Almost 11 years ago, I was studying
Arabic at DLI
--it was December of 2000. I had never known anything of the Middle East, Arabic culture and history or the language. On the first day, one of my professors, a man with prematurely white hair, piercing eyes and a voice that sounded as though he was made for the radio, told us we needed to learn only one word: Respect. Anything else, he said, was good to know, but ultimately unimportant.
That day, we were introduced to the rest of our teachers. The first two were from Iraq, another two were from Egypt, and one from Lebanon. They were all very different--one was a woman who reminded me of the grandmother from The Nutty Professor. She was sarcastic and witty and very plump and would laugh with a jolly laugh when you'd say something incorrectly (like when instead of saying to her that I was "born ready" I said, "I'm a ready boy!"). Another was young, maybe his late twenties or early thirties. He introduced me to hookah, to Kan Zaman
(a hookah bar in Haight Ashbury
in San Francisco) and dressed in a lot of Diesel clothing. He was a bouncer on the weekends.
One I remember in particular looked a little like the elf-dude from labyrinth
. His head was too large for his body and he always had saliva at the corner of his lips. I remember him teaching us the letter "wow" walking up to each of us and making us repeat the sound "ooo
" over and over until he looked like he was rabid. He was one of the kindest men I'd ever met and incredibly easy going. He would answer to almost anything with, "mmmm
....OK!" ("Teacher," we'd ask, "can we leave early?" "mmmm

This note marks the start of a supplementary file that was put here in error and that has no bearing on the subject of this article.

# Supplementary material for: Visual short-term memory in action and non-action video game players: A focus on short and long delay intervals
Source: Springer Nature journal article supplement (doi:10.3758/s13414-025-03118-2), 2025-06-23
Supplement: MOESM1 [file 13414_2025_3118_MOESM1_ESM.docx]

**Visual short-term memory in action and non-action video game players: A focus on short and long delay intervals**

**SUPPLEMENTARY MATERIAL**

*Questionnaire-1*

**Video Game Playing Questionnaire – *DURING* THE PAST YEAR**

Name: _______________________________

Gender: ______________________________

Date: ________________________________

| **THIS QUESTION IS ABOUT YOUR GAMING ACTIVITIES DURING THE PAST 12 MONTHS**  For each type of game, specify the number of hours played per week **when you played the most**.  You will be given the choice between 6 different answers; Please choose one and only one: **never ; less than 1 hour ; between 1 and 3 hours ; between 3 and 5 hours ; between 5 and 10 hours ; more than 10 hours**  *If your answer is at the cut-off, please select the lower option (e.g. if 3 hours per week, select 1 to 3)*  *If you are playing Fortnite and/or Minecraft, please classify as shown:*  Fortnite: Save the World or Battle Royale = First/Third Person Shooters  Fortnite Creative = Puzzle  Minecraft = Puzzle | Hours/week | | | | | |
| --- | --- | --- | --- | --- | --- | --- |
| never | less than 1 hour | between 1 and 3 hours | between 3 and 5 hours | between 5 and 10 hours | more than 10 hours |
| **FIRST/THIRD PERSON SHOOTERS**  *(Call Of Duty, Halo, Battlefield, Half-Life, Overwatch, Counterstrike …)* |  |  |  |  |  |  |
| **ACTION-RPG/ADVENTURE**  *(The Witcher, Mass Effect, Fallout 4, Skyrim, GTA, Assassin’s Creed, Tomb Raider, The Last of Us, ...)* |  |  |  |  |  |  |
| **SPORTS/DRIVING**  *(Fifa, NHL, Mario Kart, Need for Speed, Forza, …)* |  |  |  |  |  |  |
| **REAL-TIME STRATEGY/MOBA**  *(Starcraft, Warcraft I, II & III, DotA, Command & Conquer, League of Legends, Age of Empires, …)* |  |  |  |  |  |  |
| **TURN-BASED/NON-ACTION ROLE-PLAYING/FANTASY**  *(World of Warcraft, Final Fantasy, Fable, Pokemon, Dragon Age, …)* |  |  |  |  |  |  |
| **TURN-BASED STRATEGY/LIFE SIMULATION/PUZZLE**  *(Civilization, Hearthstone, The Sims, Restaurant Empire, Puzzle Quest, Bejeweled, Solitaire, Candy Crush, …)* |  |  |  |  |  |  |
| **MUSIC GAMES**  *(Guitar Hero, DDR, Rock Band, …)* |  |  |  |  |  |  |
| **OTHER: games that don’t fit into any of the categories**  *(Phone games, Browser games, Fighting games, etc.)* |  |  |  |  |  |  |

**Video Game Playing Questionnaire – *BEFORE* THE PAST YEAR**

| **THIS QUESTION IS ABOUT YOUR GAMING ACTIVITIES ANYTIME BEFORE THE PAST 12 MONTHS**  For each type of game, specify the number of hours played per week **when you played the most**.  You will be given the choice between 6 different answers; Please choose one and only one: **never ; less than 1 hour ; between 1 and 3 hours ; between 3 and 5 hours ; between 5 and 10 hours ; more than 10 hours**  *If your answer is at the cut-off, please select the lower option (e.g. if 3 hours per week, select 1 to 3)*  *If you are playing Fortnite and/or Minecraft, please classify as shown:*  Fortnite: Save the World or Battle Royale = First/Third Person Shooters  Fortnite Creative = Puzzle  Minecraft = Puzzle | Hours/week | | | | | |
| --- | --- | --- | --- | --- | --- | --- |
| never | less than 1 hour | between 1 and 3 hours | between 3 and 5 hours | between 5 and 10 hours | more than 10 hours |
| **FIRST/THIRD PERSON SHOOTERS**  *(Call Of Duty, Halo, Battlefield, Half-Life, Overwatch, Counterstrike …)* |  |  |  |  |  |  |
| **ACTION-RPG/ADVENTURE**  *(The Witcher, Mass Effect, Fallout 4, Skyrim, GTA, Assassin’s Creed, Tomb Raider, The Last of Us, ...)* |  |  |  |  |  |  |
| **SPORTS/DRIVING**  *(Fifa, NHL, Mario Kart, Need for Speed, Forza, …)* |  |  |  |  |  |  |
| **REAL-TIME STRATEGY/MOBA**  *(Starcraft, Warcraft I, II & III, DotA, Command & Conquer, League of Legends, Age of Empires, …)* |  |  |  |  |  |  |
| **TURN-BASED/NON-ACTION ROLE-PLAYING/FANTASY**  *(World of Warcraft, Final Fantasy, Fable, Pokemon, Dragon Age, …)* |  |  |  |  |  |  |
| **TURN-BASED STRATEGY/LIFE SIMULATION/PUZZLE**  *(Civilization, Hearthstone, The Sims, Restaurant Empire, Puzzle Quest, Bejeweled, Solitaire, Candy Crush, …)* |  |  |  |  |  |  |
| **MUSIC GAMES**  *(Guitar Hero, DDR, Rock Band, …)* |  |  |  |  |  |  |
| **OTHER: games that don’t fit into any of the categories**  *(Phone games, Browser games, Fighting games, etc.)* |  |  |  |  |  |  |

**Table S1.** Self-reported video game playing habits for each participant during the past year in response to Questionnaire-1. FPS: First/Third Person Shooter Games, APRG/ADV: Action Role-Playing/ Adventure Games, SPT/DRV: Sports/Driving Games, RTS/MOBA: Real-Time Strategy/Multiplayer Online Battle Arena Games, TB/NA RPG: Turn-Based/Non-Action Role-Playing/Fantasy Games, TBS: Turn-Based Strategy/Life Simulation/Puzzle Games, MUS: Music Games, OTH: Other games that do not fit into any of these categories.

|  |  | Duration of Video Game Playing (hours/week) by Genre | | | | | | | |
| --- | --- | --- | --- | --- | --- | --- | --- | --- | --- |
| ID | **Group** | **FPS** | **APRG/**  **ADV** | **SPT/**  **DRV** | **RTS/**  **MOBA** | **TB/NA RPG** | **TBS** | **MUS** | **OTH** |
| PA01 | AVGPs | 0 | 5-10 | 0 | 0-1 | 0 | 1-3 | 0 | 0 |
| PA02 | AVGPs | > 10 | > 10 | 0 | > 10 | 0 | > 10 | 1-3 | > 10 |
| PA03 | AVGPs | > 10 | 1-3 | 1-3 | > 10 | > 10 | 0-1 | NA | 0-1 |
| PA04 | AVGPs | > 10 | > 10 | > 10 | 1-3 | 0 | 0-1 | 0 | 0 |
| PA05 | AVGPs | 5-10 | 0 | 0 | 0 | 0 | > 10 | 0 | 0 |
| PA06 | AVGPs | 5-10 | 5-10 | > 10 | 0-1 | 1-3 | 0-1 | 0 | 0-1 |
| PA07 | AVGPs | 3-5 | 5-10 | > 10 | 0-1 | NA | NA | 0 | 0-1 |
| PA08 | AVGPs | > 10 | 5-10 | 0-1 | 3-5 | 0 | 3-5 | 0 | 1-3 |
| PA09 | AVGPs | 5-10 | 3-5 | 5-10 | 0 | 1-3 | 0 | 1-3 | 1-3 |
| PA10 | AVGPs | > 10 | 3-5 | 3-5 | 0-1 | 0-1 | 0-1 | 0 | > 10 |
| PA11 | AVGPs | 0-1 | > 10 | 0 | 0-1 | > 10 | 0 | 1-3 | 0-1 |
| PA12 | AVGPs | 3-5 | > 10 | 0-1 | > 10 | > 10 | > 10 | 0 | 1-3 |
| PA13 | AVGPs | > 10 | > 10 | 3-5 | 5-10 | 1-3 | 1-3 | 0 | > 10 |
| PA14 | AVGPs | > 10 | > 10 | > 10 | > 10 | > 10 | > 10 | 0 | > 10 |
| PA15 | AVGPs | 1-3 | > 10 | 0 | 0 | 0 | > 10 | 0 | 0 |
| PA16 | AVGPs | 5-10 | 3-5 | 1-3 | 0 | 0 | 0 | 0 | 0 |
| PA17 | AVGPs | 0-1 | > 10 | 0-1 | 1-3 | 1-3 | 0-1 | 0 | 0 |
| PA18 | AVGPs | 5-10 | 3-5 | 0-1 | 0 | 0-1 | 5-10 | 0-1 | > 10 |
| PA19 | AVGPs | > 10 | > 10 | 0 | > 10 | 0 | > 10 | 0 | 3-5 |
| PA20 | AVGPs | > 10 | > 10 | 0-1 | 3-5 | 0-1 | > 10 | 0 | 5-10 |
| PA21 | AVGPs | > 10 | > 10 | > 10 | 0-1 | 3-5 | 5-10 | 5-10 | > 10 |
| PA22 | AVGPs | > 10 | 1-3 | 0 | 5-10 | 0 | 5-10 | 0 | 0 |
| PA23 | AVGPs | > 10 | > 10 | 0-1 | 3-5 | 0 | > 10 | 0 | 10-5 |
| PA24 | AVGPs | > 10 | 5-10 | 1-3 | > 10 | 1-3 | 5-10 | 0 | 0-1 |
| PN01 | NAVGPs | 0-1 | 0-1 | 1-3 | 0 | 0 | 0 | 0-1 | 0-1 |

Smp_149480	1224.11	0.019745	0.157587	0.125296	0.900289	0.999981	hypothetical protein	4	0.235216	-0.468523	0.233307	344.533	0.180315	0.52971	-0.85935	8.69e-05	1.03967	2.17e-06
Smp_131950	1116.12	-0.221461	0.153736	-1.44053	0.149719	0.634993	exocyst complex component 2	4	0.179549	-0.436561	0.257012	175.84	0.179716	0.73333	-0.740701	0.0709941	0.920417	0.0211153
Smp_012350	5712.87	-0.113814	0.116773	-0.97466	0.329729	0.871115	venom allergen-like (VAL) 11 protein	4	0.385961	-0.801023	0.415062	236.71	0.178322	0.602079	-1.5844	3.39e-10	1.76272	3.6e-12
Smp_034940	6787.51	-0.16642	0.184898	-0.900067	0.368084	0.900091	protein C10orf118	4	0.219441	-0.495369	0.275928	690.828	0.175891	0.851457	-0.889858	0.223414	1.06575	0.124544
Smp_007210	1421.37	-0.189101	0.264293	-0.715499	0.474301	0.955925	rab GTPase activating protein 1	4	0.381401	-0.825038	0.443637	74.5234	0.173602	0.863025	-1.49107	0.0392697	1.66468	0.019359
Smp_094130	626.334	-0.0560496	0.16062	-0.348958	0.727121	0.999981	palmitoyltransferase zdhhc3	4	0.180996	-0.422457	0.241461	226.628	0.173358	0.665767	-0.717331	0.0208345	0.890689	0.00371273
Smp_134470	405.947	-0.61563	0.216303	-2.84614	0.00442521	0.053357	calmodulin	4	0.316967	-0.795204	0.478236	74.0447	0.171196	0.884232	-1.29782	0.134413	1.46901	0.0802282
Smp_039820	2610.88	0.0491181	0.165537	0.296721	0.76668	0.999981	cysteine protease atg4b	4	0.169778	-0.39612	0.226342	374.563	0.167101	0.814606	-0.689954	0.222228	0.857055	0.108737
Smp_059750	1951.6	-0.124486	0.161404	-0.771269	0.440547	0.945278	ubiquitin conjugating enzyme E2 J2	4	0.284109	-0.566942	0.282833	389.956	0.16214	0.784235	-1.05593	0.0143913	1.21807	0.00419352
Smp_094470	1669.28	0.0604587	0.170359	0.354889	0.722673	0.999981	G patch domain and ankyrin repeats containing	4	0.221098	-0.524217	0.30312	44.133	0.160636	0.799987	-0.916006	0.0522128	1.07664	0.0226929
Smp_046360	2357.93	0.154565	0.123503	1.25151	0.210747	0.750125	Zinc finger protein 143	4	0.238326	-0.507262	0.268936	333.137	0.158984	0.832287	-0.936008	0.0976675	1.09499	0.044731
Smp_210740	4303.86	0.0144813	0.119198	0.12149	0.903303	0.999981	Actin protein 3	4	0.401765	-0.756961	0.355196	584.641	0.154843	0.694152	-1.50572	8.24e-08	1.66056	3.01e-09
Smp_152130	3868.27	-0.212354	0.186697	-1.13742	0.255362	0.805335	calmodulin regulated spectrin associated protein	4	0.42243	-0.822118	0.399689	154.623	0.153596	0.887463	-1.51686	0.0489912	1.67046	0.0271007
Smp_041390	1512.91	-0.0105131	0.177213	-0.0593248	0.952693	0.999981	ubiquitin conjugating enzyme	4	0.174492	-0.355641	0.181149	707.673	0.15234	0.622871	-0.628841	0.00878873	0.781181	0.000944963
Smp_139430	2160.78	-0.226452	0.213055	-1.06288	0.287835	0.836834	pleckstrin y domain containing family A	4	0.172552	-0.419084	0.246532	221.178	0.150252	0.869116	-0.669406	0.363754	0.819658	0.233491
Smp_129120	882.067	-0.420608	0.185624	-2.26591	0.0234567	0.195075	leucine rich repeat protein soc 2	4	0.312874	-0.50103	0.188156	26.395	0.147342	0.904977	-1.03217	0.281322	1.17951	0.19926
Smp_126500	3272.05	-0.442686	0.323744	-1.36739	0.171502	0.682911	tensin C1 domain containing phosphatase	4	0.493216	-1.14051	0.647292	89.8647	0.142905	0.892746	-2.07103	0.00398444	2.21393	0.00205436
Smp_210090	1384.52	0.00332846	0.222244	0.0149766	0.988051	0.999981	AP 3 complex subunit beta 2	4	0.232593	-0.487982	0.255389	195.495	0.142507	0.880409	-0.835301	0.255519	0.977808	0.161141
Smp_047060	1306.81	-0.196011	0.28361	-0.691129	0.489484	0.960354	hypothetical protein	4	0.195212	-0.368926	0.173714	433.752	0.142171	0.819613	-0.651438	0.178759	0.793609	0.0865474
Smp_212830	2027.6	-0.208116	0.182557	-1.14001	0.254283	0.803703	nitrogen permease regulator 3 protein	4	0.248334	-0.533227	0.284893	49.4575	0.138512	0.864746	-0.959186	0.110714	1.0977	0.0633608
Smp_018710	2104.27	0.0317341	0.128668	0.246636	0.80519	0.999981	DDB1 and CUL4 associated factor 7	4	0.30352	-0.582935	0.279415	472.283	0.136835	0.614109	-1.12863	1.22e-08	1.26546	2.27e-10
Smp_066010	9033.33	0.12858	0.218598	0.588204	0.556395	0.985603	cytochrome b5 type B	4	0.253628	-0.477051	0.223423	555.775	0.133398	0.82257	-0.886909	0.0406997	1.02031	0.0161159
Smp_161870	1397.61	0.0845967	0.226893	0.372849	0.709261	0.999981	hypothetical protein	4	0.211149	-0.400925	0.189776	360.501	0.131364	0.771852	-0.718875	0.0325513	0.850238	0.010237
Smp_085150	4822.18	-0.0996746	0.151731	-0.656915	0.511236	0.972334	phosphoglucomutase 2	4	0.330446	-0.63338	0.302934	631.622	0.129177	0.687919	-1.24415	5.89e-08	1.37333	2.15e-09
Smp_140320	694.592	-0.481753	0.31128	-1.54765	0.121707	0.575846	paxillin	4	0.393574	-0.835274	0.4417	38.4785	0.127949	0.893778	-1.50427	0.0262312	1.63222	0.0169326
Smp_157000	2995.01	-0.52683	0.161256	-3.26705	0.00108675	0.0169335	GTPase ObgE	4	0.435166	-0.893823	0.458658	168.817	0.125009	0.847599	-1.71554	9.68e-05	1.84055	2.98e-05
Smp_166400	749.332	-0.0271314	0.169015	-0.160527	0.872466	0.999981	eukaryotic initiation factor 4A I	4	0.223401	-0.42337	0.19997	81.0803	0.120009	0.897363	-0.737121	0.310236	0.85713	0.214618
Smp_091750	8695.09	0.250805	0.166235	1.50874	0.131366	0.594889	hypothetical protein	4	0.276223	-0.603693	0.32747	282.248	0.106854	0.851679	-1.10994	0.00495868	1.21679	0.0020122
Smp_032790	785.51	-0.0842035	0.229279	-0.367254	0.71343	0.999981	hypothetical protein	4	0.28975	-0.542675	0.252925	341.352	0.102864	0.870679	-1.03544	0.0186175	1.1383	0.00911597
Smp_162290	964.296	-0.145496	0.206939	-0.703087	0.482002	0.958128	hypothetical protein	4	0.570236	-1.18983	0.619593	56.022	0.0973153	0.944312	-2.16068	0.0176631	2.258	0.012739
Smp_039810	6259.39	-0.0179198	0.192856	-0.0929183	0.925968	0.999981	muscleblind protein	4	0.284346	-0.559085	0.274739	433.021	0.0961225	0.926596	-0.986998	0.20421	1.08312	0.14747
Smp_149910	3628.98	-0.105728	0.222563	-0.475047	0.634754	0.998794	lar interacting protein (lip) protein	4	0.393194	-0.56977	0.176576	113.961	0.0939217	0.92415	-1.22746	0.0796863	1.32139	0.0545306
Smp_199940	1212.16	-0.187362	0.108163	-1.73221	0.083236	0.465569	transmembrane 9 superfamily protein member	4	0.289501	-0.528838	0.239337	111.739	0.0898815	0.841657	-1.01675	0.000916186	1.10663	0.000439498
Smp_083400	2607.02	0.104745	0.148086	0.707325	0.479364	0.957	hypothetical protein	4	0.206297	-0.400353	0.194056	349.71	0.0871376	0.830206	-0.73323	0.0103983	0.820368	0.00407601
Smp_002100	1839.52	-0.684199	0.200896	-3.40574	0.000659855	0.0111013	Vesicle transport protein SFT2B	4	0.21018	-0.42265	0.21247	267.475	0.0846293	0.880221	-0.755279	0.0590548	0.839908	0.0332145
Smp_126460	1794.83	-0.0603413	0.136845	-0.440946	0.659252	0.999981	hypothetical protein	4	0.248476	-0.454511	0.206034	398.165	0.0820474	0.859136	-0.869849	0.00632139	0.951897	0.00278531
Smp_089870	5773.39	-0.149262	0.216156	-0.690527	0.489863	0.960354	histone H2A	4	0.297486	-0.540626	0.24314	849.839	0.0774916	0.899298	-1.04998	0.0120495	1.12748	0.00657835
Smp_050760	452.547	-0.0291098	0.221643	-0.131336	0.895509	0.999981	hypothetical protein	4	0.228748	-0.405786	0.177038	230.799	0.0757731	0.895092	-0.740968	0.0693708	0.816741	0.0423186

....OK!" "Teacher, did you eat your lunch already? We're hungry, can we eat early?" "mmmmm
We laughed at his good natured humor once and asked why and replied, "mmm...well...you see..." and then went into the following story:
He was a professor at the University of Baghdad and was married with three kids. His wife had fallen in with some members of an anti-Saddam party, not politically, but professionally and personally, but because of this, she was targeted by the Baathists
. He explained to us that she had eventually been blown up by a bomb planted in their car. For years afterwards, he checked his car every day before getting into it, until one day, he was driving to work and realized he was being followed. He went home after work, sold everything, and paid to have his family smuggled out of Iraq. He took literally all the money he had and gave it to a human smuggler. The smuggler got him and his sons through Syria and into a boat to get them to Europe. He and his family were below deck when he noticed the engine had stopped. He went topside to find that his coyote had abandoned them in the middle of the Mediterranean
. After washing ashore in Turkey, where he was arrested and beaten in Prison, he was eventually released, and he and his sons worked waiting jobs until they eventually applied for, and received
, immigration to the US.
After that, he said, there isn't much that is really important enough for him not to be easy-going about. It was a conversation that changed the way I look at life.
I think back now about these people and myself, and how 11 years ago, these things going on today seemed unimaginable. That people are overthrowing governments--that the US has toppled governments--that the will of the people is spilling into the streets and overcoming regimes that have held power for decades--that my friends have been fighting for decades...these are all things that, when I joined the Army, would have seemed impossible.
But, they are not impossible, and nothing is. I try to imagine a similar change in my life as has happened to my teachers and their families a decade from now. That some turmoil or natural disaster toppled the government and endangers my family. How would I react, or what would I do, but it is hard, if not impossible to imagine. This is, however, the reality under which millions live today.
Strange to think about when my biggest issue this morning was that my roommate didn't clean out the coffee pot.